So later on, the guerrillas came to his house, accused him of aiding the paramilitaries, of being a “sympathizer”, and assassinated him in front of his entire family, including his children. So he was killed because he was asked by armed men in the mountains to give them small cans of ham. That was his crime. And because of a small, stupid thing like that, he lost his life.
So this was your uncle through your dad’s side, and Mauricio's uncle through his mom's side?
Right. And when that happens, you are faced with a decision, do you move ahead, or get caught up in that violence, and that pit of hate and revenge. You have to make that decision. You have to forget those things.
That sounds oddly like Rigoberto Uran’s view on the choice he had to make when his father was murdered too. He chose to look forward, and move ahead, while never forgetting the memory of his father, of course. It’s a complicated and dichotomous way to live.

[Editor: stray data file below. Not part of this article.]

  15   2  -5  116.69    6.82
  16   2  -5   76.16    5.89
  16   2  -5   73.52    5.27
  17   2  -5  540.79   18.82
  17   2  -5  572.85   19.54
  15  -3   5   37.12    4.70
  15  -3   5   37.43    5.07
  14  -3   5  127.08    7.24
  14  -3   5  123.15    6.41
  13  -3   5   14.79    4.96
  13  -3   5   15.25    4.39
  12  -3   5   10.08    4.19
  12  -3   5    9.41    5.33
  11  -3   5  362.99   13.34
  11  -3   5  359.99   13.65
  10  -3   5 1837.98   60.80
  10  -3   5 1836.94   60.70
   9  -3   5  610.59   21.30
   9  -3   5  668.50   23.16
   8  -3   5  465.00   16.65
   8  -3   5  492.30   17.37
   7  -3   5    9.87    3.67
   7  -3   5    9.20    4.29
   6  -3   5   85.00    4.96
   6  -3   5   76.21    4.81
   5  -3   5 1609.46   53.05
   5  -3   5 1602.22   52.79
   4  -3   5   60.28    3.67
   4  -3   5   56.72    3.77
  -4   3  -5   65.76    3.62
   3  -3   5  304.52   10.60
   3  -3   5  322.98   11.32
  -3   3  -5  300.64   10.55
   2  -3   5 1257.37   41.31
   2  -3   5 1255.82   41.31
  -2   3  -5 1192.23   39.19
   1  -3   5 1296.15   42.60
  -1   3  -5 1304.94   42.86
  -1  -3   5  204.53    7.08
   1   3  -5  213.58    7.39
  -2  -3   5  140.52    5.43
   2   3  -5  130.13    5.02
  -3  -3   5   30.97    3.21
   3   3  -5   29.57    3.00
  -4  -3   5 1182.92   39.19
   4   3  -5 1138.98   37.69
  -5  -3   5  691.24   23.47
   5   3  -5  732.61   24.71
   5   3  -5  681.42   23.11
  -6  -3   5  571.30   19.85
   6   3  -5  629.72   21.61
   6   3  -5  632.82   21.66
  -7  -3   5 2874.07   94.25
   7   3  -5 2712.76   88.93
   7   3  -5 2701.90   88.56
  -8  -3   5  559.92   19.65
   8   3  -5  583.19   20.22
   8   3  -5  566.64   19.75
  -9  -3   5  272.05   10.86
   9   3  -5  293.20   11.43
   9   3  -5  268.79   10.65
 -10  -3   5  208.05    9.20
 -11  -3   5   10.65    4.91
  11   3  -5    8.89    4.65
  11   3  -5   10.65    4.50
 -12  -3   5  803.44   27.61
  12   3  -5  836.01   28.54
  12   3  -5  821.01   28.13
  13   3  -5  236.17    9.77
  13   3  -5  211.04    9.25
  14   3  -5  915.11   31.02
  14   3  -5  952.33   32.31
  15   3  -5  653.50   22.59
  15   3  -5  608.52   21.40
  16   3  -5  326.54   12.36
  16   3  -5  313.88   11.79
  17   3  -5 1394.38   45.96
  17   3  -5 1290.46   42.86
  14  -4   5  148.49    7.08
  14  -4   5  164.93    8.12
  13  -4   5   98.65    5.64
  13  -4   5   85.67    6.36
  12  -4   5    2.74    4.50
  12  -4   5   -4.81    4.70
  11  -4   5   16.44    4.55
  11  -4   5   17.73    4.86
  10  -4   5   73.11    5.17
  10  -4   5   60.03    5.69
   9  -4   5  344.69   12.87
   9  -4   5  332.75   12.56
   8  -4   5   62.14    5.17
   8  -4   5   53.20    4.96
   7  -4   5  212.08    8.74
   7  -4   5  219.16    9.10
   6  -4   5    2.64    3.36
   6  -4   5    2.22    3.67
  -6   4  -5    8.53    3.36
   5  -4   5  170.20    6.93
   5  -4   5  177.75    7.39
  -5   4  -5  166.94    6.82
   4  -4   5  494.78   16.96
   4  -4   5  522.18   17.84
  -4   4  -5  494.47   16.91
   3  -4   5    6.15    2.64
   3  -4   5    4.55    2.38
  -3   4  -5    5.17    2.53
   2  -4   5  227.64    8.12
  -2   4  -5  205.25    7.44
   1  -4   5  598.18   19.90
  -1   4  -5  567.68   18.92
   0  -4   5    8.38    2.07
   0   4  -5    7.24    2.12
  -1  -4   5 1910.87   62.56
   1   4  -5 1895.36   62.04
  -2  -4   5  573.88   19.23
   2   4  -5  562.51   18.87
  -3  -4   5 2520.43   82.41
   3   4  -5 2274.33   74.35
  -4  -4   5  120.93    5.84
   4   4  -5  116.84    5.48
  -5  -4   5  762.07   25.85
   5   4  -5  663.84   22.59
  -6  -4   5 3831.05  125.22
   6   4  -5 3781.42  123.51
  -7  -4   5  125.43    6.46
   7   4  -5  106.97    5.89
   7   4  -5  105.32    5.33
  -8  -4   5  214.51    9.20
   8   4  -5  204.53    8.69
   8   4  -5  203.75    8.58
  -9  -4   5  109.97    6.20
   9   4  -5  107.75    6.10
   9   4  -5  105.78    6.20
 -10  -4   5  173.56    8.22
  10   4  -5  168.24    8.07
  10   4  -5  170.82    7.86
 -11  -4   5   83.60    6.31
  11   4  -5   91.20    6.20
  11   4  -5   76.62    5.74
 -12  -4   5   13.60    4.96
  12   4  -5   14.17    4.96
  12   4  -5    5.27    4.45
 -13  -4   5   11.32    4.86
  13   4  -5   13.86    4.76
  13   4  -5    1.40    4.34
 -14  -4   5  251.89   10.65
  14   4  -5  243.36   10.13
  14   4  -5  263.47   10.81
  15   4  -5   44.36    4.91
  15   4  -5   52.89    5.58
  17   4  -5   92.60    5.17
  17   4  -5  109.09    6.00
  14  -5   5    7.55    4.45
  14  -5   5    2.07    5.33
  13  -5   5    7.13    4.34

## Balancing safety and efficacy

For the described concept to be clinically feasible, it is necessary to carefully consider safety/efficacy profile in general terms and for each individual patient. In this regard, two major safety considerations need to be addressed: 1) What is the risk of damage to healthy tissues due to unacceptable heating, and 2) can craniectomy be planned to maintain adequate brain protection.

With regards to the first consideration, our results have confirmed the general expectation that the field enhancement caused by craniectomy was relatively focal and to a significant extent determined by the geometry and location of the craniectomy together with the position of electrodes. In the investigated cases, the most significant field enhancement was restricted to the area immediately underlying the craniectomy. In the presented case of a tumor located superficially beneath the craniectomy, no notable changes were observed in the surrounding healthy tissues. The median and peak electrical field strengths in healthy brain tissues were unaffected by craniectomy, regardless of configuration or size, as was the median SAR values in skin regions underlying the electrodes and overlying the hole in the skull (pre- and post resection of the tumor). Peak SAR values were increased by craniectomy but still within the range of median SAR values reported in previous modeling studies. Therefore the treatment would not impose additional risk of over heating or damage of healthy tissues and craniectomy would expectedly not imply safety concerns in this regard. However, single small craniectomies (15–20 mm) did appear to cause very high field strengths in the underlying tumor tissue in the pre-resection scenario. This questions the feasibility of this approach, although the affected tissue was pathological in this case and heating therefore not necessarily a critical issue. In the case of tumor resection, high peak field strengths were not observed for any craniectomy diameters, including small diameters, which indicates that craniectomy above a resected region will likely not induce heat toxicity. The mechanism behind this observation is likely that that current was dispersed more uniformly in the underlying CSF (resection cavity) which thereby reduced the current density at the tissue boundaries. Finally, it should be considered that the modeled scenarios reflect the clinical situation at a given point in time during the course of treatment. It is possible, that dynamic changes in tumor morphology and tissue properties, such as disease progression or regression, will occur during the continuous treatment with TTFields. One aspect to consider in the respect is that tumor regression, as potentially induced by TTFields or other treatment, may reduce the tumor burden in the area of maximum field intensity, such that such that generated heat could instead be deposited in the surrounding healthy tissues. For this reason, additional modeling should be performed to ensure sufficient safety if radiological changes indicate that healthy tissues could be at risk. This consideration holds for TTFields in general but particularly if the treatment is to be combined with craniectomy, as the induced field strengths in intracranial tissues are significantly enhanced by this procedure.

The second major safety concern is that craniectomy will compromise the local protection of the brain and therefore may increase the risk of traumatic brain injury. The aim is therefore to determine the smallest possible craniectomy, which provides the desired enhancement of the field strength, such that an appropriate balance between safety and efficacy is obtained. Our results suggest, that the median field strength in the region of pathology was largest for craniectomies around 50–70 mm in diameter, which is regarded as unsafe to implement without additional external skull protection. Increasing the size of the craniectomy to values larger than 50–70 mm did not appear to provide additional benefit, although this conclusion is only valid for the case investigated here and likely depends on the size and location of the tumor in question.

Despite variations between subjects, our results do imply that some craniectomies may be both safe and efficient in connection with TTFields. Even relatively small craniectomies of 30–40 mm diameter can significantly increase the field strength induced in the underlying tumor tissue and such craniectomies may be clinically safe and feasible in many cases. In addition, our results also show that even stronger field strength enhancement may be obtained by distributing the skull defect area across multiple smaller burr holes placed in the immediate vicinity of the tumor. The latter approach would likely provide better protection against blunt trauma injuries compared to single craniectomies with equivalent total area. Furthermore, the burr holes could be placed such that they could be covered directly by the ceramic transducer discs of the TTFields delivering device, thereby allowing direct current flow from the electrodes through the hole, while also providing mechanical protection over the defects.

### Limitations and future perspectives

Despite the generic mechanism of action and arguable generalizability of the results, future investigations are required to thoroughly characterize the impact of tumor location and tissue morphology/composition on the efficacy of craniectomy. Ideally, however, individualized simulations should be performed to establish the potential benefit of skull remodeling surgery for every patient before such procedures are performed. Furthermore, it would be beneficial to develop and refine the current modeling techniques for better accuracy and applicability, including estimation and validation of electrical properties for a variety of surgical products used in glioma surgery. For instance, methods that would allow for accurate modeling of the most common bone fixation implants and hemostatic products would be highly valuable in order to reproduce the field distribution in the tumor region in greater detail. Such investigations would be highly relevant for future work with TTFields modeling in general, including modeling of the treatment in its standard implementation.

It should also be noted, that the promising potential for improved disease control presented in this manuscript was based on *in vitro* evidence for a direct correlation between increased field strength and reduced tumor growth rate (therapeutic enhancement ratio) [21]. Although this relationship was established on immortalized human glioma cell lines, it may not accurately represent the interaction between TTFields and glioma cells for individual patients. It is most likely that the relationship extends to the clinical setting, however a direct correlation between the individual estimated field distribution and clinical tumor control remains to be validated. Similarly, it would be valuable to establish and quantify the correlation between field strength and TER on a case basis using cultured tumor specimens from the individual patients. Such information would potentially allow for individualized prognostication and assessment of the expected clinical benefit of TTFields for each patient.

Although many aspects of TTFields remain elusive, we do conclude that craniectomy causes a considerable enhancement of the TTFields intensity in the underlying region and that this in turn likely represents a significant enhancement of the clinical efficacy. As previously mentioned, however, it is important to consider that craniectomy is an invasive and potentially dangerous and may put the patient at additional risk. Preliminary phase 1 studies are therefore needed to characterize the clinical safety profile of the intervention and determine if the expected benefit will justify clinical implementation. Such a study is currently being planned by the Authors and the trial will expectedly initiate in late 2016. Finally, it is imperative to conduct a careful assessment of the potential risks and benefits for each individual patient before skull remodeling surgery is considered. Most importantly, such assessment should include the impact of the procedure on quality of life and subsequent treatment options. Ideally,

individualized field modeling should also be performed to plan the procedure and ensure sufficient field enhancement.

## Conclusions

It is, for sure. But when your family is being displaced, and someone is assassinated, you have a choice to make. You can do what so many others have done historically in Colombia, which is to take up arms to avenge the death of that person, and to be consumed by anger, or you can put that memory behind and forge ahead for a better future. But that’s a big recruitment tool for armed groups. If the guerrillas killed your family, then you join the paramilitaries, or the other way around. Luckily, much has changed in Colombia.
In my case, or that of Rigoberto, we were lucky enough to encounter cycling as a way of moving forward. And in that sense, cycling is not just a way for us to deal with all this, but it also gives us the means to help out our entire families as well. That's a huge part of our lives.
Let’s talk about that. I don’t know if cycling fans in some countries understand that in places like Colombia, cyclists provide for their entire extended family through their work. This makes the impact of their earnings substantial, but also heightens the drive and sadly also the stress that they are under.